Central bank guidance & currency strength

<p>The last 6 weeks have proven that the more detailed a central bank’s forward guidance, the weaker the value of its currency. GBP is the […]</p>

The last 6 weeks have proven that the more detailed a central bank’s forward guidance, the weaker the value of its currency.

GBP is the best performing currency since the 2nd half of the year. Aside from continuing upside surprises in economic data, GBP remains fundamentally superior to EUR and USD due to:

i)             Richer forward guidance

The central bank with the clearest forward guidance has had the weaker currency because it has the greater set of policy options by which to keep interest rates low.

The Fed’s forward guidance is the clearestamong the BoE and ECB in terms of options and variety.  The Fed has managed to de-link tapering from raising interest rates by stating that any reduction in asset purchases could be cushioned by slashing interest on bank reserves. The Fed has pushed prospects of a rate hike farther in the horizon (we expect 2016) after stating that no increase in rates as long as the unemployment is “considerably below 6.5%” and no hike in rates if inflation were “to remain below our 2% objective”.

In the case of the ECB, forward guidance has been limited
to maintaining a downward bias on interest rates and keeping the door open for negative refinancing rate. Yet, even prospects of the latter have diminished after the latest inflation figures from Germany showed a rise to 1.6% y/y from 1.2% in October. Beyond inflation metrics, the ECB has provided little guidance on how to keep rates low.

The BoE faces the most constraints in its forward guidance as it has provided little in the way of guidance apart from setting an unemployment threshold of 7.0%.  The latest upward revision in 2013 growth backs market expectations for an earlier occurrence of 7.0% unemployment (H1 2014 instead of the BoE’s H1 2015).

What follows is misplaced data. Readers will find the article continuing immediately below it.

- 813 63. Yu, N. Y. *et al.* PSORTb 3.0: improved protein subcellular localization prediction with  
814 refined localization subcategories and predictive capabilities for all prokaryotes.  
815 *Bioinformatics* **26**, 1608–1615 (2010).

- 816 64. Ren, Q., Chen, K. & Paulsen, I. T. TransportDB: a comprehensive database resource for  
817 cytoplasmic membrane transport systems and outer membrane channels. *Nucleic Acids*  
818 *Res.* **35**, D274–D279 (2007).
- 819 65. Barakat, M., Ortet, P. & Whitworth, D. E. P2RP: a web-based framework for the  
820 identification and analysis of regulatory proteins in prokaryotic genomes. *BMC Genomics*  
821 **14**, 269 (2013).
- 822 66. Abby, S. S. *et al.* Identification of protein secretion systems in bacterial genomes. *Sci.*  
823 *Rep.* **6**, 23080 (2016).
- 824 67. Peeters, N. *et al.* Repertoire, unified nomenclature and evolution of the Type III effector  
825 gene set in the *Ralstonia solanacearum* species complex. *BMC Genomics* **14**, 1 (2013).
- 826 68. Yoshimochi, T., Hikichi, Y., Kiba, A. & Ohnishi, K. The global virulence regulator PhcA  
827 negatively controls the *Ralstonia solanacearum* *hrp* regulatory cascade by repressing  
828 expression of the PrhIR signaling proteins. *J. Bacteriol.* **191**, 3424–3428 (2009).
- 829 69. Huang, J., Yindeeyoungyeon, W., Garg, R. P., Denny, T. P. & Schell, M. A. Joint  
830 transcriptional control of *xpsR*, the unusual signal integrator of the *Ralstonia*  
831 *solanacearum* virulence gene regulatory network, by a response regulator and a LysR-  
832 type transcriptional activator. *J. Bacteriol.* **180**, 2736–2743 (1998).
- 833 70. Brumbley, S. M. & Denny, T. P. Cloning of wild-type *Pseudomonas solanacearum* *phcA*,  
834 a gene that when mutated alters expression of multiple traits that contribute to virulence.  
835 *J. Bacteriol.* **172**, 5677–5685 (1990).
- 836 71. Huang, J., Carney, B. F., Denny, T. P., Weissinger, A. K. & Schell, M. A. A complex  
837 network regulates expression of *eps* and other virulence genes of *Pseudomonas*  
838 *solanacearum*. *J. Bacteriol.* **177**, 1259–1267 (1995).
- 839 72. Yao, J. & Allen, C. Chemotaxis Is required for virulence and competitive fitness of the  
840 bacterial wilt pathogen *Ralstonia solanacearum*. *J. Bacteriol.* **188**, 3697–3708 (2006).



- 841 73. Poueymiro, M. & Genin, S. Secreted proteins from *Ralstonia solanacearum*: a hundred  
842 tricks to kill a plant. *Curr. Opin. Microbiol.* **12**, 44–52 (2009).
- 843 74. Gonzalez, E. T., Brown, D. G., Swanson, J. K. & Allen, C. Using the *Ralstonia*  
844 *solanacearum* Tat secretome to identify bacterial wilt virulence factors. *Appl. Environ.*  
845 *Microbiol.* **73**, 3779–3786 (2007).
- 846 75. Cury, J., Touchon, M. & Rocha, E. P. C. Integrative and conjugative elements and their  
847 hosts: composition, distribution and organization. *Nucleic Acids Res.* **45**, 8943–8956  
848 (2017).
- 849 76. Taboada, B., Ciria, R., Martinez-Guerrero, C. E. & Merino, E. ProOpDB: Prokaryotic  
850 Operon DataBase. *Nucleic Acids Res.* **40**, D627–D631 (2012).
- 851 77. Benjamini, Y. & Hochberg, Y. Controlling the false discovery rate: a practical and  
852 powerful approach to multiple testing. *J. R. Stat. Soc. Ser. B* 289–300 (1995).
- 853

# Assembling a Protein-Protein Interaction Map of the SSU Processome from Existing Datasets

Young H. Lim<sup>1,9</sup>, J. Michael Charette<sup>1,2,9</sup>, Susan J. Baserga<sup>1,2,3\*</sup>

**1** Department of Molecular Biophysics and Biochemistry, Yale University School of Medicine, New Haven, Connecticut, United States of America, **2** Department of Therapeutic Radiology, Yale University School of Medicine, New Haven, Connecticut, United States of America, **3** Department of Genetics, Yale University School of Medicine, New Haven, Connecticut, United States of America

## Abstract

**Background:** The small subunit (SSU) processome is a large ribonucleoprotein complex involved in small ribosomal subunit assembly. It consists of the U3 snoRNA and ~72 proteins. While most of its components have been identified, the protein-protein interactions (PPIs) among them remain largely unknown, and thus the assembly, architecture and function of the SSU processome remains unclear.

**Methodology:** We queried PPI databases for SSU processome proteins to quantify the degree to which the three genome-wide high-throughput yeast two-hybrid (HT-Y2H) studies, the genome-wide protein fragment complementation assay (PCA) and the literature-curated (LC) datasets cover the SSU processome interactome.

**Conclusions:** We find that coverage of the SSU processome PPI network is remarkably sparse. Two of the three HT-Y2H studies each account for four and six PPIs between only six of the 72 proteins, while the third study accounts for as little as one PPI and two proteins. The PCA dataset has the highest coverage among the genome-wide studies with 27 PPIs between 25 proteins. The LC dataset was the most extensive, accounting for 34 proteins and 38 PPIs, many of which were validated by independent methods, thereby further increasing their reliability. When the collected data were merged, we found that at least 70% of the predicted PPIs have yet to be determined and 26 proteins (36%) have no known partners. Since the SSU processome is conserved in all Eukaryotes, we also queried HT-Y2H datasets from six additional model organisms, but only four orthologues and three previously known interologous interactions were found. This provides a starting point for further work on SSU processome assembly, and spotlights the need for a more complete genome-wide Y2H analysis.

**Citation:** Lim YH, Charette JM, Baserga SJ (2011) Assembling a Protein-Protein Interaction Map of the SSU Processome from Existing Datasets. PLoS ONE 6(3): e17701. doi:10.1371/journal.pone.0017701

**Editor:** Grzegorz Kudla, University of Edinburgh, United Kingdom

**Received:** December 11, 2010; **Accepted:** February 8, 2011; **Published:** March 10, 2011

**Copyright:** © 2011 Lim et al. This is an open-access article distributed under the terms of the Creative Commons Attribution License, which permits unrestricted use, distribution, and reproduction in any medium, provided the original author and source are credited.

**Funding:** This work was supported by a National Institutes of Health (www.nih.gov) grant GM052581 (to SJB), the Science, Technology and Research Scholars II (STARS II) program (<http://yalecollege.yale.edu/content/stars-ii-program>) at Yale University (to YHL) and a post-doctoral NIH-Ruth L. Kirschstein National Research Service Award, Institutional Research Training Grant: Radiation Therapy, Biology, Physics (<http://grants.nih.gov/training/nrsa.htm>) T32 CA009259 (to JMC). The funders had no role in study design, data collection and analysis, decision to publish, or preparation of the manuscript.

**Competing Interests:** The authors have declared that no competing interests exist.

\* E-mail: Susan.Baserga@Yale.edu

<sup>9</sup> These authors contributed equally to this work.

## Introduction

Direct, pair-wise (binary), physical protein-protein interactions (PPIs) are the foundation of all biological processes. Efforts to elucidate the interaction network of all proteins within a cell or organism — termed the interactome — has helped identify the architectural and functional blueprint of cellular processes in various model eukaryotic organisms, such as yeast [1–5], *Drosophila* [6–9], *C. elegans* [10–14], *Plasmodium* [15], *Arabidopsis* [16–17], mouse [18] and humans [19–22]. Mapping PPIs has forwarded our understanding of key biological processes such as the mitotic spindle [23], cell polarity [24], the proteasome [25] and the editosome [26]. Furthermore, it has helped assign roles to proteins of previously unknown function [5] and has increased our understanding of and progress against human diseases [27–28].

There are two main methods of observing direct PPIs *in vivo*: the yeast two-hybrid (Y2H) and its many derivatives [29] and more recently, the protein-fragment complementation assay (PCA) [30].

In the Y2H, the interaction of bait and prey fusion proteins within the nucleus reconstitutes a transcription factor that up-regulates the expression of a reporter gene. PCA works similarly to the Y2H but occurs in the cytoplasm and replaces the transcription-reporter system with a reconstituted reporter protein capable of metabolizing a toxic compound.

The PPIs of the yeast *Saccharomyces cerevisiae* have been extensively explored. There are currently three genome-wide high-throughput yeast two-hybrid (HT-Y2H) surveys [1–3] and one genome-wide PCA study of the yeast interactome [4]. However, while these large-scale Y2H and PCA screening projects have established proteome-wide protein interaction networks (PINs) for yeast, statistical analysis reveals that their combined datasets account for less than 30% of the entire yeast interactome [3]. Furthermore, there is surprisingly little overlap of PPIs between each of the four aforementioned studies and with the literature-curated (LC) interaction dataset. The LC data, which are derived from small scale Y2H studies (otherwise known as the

In Sum, currency traders face the fewest of obstacles from the BoE in bidding up GBP and the greatest in obstacles from the Fed in bidding up USD.

ii) Contrasting central bank rhetoric

The BoE’s main preoccupation has become suppressing bond yields by convincing markets that the economy continues to face slack. Mark Carney’s reference to “extremely weak” wage pressures in the UK is aimed at dampening any inflationary concerns. Yet, robust UK data gave little choice to the BoE but to ease up on its dovish rhetoric.

In contrast, the possibility of negative interest rates by the ECB, and slashing interest rates on bank reserves by the Fed remain dovish

We expect EURUSD to regain 1.3800 due to lack of policy action from the ECB. Any reference to LTRO3 is likely to be EUR-positive as long as risk appetite remains positive. Support remains underpinned at 1.3220s, which is the 55-day moving average.

GBPUSD faces a 4-year trendline resistance at 1.6350, near which it is likely to retrace some ground as we near the taper uncertainty from the December Fed meeting. But the path remains set for a retest of 1.6500, with selling seen emerging at the 200-month moving average of 1.6630. Also note in the chart below, it has been over 2 years since GBPUSD has not tested its 200-month moving average. Previously, the pair has tested the 200-MMA every 3-4 years.  If there is a time when GBPUSD should mount further gains towards this key average, it is today.

Watch Ashraf Laidi’s CNBC interview on central bank guidance & FX

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